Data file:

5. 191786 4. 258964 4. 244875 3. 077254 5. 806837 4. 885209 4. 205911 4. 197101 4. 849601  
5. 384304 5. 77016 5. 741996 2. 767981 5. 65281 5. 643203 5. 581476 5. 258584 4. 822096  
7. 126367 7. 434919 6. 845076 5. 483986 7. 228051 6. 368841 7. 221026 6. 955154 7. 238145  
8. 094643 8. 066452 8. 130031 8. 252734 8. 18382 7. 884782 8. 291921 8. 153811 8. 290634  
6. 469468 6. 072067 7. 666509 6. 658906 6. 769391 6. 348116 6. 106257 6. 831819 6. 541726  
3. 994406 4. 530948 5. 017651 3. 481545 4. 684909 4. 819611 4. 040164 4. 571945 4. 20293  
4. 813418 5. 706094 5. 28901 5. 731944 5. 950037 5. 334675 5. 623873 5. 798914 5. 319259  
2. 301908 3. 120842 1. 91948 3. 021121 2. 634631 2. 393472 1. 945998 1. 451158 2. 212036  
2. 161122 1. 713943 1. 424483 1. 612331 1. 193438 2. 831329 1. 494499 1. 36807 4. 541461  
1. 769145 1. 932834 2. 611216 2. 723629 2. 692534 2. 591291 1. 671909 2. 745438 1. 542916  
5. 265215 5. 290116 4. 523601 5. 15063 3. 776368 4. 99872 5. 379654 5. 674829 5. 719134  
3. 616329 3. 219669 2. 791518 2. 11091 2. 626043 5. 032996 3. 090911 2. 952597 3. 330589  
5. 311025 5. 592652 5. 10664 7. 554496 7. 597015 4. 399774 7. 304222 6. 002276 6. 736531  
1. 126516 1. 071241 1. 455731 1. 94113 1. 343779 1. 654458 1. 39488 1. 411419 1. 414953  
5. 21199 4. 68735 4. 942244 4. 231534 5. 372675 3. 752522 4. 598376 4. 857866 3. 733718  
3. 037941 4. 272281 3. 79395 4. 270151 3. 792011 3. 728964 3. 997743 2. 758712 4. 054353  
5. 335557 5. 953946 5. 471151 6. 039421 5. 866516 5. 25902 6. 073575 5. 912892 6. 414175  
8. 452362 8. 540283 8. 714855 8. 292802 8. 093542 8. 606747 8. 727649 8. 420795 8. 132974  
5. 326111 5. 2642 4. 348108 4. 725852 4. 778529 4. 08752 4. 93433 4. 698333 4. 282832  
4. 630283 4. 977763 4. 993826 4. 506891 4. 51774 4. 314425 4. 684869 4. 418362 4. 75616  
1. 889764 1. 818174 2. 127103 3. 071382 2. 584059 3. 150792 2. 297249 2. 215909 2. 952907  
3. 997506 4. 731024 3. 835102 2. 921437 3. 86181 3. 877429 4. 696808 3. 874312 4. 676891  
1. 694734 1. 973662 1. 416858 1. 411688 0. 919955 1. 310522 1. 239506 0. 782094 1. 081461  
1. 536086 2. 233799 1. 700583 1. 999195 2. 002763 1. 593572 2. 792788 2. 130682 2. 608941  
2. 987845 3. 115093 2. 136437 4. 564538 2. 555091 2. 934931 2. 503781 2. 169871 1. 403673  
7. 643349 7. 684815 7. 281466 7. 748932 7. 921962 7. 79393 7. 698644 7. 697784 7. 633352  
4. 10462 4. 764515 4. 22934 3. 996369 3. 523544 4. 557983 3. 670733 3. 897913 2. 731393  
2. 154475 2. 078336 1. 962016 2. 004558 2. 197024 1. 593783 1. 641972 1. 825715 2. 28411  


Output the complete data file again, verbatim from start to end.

5. 191786 4. 258964 4. 244875 3. 077254 5. 806837 4. 885209 4. 205911 4. 197101 4. 849601  
5. 384304 5. 77016 5. 741996 2. 767981 5. 65281 5. 643203 5. 581476 5. 258584 4. 822096  
7. 126367 7. 434919 6. 845076 5. 483986 7. 228051 6. 368841 7. 221026 6. 955154 7. 238145  
8. 094643 8. 066452 8. 130031 8. 252734 8. 18382 7. 884782 8. 291921 8. 153811 8. 290634  
6. 469468 6. 072067 7. 666509 6. 658906 6. 769391 6. 348116 6. 106257 6. 831819 6. 541726  
3. 994406 4. 530948 5. 017651 3. 481545 4. 684909 4. 819611 4. 040164 4. 571945 4. 20293  
4. 813418 5. 706094 5. 28901 5. 731944 5. 950037 5. 334675 5. 623873 5. 798914 5. 319259  
2. 301908 3. 120842 1. 91948 3. 021121 2. 634631 2. 393472 1. 945998 1. 451158 2. 212036  
2. 161122 1. 713943 1. 424483 1. 612331 1. 193438 2. 831329 1. 494499 1. 36807 4. 541461  
1. 769145 1. 932834 2. 611216 2. 723629 2. 692534 2. 591291 1. 671909 2. 745438 1. 542916  
5. 265215 5. 290116 4. 523601 5. 15063 3. 776368 4. 99872 5. 379654 5. 674829 5. 719134  
3. 616329 3. 219669 2. 791518 2. 11091 2. 626043 5. 032996 3. 090911 2. 952597 3. 330589  
5. 311025 5. 592652 5. 10664 7. 554496 7. 597015 4. 399774 7. 304222 6. 002276 6. 736531  
1. 126516 1. 071241 1. 455731 1. 94113 1. 343779 1. 654458 1. 39488 1. 411419 1. 414953  
5. 21199 4. 68735 4. 942244 4. 231534 5. 372675 3. 752522 4. 598376 4. 857866 3. 733718  
3. 037941 4. 272281 3. 79395 4. 270151 3. 792011 3. 728964 3. 997743 2. 758712 4. 054353  
5. 335557 5. 953946 5. 471151 6. 039421 5. 866516 5. 25902 6. 073575 5. 912892 6. 414175  
8. 452362 8. 540283 8. 714855 8. 292802 8. 093542 8. 606747 8. 727649 8. 420795 8. 132974  
5. 326111 5. 2642 4. 348108 4. 725852 4. 778529 4. 08752 4. 93433 4. 698333 4. 282832  
4. 630283 4. 977763 4. 993826 4. 506891 4. 51774 4. 314425 4. 684869 4. 418362 4. 75616  
1. 889764 1. 818174 2. 127103 3. 071382 2. 584059 3. 150792 2. 297249 2. 215909 2. 952907  
3. 997506 4. 731024 3. 835102 2. 921437 3. 86181 3. 877429 4. 696808 3. 874312 4. 676891  
1. 694734 1. 973662 1. 416858 1. 411688 0. 919955 1. 310522 1. 239506 0. 782094 1. 081461  
1. 536086 2. 233799 1. 700583 1. 999195 2. 002763 1. 593572 2. 792788 2. 130682 2. 608941  
2. 987845 3. 115093 2. 136437 4. 564538 2. 555091 2. 934931 2. 503781 2. 169871 1. 403673  
7. 643349 7. 684815 7. 281466 7. 748932 7. 921962 7. 79393 7. 698644 7. 697784 7. 633352  
4. 10462 4. 764515 4. 22934 3. 996369 3. 523544 4. 557983 3. 670733 3. 897913 2. 731393  
2. 154475 2. 078336 1. 962016 2. 004558 2. 197024 1. 593783 1. 641972 1. 825715 2. 28411  